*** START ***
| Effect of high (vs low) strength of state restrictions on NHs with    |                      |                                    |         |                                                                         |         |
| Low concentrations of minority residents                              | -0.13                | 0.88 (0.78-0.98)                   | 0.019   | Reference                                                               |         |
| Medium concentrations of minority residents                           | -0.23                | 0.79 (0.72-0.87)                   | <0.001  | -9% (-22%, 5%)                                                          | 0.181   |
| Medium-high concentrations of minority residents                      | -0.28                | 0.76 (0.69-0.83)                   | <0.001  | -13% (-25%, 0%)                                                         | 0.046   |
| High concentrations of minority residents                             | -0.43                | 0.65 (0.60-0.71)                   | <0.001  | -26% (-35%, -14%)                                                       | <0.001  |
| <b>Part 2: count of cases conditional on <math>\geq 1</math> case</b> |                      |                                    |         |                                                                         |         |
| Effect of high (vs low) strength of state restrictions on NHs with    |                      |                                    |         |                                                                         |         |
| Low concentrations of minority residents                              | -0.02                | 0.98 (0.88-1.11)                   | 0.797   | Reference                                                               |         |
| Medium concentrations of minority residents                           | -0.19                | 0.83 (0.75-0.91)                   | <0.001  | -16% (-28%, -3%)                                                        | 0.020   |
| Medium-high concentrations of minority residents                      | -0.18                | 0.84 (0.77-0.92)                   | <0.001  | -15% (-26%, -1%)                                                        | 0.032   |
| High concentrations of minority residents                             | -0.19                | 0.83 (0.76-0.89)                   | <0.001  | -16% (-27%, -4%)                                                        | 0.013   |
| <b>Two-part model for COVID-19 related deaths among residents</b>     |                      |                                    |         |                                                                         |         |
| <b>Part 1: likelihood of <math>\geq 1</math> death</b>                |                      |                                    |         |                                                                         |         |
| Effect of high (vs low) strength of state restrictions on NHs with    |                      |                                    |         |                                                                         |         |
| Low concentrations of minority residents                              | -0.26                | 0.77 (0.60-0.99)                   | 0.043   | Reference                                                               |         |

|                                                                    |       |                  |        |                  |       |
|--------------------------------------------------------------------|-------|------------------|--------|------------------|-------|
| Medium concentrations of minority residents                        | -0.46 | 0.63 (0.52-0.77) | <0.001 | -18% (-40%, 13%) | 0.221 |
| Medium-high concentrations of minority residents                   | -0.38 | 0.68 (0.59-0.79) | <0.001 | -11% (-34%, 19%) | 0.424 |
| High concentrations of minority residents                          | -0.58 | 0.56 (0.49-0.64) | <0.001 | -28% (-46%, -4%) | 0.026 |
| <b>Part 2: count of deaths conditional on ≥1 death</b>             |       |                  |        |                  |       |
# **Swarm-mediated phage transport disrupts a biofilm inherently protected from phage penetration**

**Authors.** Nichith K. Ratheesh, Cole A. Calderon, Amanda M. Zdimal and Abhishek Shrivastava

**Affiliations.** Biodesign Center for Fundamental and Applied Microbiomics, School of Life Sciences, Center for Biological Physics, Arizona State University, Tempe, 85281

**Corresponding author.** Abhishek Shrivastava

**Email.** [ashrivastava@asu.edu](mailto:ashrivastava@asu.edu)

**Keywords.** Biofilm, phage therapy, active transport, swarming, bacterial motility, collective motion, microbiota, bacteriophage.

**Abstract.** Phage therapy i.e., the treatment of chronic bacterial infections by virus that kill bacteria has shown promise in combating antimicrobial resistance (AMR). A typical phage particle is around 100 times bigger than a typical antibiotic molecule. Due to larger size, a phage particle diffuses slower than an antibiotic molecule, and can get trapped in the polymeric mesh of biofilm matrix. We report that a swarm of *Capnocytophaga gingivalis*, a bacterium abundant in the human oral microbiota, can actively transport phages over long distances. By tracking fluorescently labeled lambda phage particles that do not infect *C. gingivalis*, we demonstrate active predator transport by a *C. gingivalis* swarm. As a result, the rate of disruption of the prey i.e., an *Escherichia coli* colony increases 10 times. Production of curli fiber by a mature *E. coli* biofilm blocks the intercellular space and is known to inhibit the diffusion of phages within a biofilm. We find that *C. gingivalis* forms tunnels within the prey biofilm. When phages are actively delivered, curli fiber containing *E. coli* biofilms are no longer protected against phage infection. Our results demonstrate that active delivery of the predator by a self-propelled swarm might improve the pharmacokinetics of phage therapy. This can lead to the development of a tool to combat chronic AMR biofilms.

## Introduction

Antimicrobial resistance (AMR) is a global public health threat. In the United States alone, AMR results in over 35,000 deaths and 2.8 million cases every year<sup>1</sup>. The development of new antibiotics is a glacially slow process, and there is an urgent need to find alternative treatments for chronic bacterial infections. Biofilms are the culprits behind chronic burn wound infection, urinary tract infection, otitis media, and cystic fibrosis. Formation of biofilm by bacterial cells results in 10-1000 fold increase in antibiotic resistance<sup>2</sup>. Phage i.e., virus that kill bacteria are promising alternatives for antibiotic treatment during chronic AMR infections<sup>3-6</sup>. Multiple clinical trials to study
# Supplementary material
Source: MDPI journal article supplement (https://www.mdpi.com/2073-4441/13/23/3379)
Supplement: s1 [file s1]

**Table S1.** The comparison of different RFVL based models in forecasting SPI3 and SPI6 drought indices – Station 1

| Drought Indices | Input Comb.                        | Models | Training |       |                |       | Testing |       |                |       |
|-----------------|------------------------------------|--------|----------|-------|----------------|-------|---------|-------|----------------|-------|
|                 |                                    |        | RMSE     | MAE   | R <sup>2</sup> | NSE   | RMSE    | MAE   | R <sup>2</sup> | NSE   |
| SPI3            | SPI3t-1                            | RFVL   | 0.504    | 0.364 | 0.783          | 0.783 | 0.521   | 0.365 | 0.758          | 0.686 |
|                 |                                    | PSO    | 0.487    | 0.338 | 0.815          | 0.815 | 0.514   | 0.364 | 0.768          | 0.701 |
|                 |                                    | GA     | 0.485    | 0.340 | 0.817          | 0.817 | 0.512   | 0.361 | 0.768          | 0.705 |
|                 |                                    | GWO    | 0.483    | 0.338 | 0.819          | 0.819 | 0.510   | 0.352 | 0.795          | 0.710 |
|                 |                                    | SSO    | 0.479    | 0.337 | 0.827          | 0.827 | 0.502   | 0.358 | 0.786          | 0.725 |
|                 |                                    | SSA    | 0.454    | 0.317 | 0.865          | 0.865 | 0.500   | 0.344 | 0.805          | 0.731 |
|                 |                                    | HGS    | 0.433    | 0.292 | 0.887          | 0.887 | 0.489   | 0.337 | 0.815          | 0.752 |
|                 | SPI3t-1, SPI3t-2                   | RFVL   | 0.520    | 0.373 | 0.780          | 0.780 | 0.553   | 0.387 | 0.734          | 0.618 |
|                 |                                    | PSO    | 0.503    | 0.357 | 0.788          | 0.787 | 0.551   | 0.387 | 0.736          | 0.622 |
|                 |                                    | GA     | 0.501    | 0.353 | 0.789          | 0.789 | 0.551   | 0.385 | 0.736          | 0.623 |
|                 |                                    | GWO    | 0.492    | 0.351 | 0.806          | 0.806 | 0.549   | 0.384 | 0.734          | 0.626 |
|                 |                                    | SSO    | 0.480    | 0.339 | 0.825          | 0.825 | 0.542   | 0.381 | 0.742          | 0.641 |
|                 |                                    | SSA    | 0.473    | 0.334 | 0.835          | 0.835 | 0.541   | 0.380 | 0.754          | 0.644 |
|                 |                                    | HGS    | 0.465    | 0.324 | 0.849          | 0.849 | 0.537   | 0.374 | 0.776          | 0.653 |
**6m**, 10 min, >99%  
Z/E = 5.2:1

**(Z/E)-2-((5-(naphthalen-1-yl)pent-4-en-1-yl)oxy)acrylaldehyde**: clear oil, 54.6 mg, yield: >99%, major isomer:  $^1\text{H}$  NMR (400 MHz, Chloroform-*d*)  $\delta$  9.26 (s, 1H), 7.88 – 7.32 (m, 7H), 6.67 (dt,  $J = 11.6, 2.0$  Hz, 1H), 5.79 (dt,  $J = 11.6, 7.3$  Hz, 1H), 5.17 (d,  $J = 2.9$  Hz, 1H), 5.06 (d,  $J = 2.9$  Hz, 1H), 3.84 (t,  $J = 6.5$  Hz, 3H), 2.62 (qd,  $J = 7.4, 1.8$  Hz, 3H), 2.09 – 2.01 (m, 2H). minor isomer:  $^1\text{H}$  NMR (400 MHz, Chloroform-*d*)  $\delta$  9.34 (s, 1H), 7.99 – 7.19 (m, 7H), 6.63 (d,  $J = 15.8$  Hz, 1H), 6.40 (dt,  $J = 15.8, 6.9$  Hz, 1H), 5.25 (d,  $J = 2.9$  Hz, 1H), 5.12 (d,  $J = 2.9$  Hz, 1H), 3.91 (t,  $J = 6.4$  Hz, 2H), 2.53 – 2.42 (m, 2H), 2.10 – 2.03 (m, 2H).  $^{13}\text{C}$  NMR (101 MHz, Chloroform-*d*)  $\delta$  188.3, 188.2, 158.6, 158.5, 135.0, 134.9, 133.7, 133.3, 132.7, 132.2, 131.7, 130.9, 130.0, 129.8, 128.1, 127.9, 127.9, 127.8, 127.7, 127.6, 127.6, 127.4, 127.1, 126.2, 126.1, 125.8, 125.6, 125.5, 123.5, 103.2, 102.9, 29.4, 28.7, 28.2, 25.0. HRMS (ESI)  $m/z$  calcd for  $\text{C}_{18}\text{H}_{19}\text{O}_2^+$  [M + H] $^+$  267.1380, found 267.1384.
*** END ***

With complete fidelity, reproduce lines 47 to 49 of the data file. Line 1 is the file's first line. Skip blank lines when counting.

|                 |                                    | GA     | 0.501    | 0.353 | 0.789          | 0.789 | 0.551   | 0.385 | 0.736          | 0.623 |
|                 |                                    | GWO    | 0.492    | 0.351 | 0.806          | 0.806 | 0.549   | 0.384 | 0.734          | 0.626 |
|                 |                                    | SSO    | 0.480    | 0.339 | 0.825          | 0.825 | 0.542   | 0.381 | 0.742          | 0.641 |